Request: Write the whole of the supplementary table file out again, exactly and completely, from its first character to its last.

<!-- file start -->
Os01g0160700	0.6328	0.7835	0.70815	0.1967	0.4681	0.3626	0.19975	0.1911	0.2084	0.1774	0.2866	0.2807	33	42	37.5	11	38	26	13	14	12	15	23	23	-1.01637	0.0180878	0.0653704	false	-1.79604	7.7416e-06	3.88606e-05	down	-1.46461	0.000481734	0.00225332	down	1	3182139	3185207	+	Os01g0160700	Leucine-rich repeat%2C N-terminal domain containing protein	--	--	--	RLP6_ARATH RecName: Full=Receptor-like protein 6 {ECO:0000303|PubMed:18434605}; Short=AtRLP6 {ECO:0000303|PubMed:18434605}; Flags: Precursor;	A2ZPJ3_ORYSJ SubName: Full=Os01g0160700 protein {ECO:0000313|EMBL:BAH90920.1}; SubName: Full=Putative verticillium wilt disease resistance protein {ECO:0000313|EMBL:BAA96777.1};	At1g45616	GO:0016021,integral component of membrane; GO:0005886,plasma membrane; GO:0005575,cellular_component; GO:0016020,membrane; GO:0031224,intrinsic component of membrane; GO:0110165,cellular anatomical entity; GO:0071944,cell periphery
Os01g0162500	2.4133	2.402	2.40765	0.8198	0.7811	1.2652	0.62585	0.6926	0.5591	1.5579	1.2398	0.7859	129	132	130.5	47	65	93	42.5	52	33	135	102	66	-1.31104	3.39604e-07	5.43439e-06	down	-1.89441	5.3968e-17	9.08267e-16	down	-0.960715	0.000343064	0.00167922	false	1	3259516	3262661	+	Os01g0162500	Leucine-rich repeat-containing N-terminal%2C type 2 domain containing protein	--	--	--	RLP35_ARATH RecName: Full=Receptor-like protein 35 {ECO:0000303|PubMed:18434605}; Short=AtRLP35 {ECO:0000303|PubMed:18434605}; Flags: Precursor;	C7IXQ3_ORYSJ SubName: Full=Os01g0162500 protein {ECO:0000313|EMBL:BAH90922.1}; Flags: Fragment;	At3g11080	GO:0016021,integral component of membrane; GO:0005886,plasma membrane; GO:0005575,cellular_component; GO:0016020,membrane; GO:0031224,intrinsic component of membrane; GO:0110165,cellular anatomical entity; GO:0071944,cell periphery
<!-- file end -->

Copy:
Os01g0160700	0.6328	0.7835	0.70815	0.1967	0.4681	0.3626	0.19975	0.1911	0.2084	0.1774	0.2866	0.2807	33	42	37.5	11	38	26	13	14	12	15	23	23	-1.01637	0.0180878	0.0653704	false	-1.79604	7.7416e-06	3.88606e-05	down	-1.46461	0.000481734	0.00225332	down	1	3182139	3185207	+	Os01g0160700	Leucine-rich repeat%2C N-terminal domain containing protein	--	--	--	RLP6_ARATH RecName: Full=Receptor-like protein 6 {ECO:0000303|PubMed:18434605}; Short=AtRLP6 {ECO:0000303|PubMed:18434605}; Flags: Precursor;	A2ZPJ3_ORYSJ SubName: Full=Os01g0160700 protein {ECO:0000313|EMBL:BAH90920.1}; SubName: Full=Putative verticillium wilt disease resistance protein {ECO:0000313|EMBL:BAA96777.1};	At1g45616	GO:0016021,integral component of membrane; GO:0005886,plasma membrane; GO:0005575,cellular_component; GO:0016020,membrane; GO:0031224,intrinsic component of membrane; GO:0110165,cellular anatomical entity; GO:0071944,cell periphery
Os01g0162500	2.4133	2.402	2.40765	0.8198	0.7811	1.2652	0.62585	0.6926	0.5591	1.5579	1.2398	0.7859	129	132	130.5	47	65	93	42.5	52	33	135	102	66	-1.31104	3.39604e-07	5.43439e-06	down	-1.89441	5.3968e-17	9.08267e-16	down	-0.960715	0.000343064	0.00167922	false	1	3259516	3262661	+	Os01g0162500	Leucine-rich repeat-containing N-terminal%2C type 2 domain containing protein	--	--	--	RLP35_ARATH RecName: Full=Receptor-like protein 35 {ECO:0000303|PubMed:18434605}; Short=AtRLP35 {ECO:0000303|PubMed:18434605}; Flags: Precursor;	C7IXQ3_ORYSJ SubName: Full=Os01g0162500 protein {ECO:0000313|EMBL:BAH90922.1}; Flags: Fragment;	At3g11080	GO:0016021,integral component of membrane; GO:0005886,plasma membrane; GO:0005575,cellular_component; GO:0016020,membrane; GO:0031224,intrinsic component of membrane; GO:0110165,cellular anatomical entity; GO:0071944,cell periphery